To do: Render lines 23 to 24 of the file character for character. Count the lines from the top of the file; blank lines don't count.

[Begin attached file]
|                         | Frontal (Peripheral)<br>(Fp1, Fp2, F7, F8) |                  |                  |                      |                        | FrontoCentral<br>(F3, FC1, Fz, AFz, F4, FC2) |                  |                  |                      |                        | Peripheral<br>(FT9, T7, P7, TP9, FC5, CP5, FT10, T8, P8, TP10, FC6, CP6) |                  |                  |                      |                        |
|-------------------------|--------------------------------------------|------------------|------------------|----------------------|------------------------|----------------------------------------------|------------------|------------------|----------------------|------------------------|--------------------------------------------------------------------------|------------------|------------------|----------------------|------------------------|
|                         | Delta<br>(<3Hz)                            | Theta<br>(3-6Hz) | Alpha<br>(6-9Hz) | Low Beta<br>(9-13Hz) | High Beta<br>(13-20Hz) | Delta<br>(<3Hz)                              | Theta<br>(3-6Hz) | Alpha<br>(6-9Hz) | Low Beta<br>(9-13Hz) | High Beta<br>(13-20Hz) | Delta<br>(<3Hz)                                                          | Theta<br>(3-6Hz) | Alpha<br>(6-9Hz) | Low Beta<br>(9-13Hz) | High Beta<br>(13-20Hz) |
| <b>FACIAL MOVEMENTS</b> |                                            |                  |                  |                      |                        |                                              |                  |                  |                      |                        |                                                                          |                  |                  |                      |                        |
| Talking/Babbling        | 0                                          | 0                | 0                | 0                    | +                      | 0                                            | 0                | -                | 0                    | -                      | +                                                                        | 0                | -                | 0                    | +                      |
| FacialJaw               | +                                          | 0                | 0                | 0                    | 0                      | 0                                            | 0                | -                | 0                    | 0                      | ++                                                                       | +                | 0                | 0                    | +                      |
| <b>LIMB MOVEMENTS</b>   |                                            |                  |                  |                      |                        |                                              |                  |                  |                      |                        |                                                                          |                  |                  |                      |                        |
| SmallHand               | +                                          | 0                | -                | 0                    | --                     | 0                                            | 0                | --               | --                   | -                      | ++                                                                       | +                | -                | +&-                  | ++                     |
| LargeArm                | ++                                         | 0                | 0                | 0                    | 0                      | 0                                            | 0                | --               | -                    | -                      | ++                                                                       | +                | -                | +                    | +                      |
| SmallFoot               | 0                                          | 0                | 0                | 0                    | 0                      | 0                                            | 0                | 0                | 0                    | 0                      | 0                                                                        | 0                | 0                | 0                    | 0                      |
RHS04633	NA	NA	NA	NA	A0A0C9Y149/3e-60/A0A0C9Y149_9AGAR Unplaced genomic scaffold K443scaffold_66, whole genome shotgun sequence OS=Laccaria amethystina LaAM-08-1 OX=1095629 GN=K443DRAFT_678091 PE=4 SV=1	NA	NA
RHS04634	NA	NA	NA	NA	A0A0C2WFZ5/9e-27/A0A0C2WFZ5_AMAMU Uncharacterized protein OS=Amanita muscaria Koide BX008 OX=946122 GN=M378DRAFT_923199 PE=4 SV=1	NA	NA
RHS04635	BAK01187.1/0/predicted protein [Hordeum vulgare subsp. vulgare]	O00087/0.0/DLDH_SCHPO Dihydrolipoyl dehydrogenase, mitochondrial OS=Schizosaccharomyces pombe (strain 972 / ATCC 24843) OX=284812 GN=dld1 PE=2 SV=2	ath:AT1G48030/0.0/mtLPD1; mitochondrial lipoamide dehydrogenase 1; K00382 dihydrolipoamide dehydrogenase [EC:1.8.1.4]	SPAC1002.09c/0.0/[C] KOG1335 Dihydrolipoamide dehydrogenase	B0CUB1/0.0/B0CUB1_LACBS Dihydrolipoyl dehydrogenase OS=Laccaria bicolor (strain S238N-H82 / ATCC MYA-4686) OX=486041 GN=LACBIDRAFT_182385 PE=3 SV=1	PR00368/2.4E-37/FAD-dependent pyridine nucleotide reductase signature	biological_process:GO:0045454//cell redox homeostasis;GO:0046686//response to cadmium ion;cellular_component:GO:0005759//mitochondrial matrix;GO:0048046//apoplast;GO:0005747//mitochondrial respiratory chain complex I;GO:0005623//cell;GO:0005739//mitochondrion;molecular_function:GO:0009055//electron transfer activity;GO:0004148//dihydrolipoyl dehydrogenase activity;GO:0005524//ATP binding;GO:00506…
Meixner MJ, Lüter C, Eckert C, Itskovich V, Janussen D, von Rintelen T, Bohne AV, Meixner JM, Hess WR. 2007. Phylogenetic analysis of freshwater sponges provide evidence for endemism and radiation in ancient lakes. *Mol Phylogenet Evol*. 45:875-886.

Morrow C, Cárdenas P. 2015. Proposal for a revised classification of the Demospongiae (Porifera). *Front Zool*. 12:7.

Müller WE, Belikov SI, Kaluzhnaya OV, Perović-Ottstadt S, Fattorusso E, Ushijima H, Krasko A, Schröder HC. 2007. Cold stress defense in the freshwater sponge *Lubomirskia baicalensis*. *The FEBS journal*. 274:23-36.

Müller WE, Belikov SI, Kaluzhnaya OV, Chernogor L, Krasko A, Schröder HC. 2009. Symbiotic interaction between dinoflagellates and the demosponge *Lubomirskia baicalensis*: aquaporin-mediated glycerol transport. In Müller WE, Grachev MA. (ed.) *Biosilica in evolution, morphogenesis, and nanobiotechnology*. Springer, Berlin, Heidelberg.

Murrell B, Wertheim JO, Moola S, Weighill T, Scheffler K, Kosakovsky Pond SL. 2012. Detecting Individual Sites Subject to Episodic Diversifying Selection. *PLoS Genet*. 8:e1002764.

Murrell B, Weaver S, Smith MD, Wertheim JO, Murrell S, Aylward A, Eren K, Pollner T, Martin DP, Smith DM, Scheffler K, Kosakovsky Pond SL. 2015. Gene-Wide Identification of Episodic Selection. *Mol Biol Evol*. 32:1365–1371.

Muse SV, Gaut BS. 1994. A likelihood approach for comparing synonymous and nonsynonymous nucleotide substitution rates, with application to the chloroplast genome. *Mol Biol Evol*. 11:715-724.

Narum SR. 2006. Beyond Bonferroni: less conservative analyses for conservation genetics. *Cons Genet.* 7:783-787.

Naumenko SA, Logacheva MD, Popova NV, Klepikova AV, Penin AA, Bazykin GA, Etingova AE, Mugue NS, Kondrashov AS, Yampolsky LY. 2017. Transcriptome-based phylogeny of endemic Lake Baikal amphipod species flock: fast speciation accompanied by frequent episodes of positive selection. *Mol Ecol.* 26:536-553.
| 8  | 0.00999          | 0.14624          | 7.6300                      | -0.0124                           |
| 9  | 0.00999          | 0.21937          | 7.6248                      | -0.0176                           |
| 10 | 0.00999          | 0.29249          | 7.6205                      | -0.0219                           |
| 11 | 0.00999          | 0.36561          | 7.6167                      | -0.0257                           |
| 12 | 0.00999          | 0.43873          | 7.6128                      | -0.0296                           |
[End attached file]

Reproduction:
| 8  | 0.00999          | 0.14624          | 7.6300                      | -0.0124                           |
| 9  | 0.00999          | 0.21937          | 7.6248                      | -0.0176                           |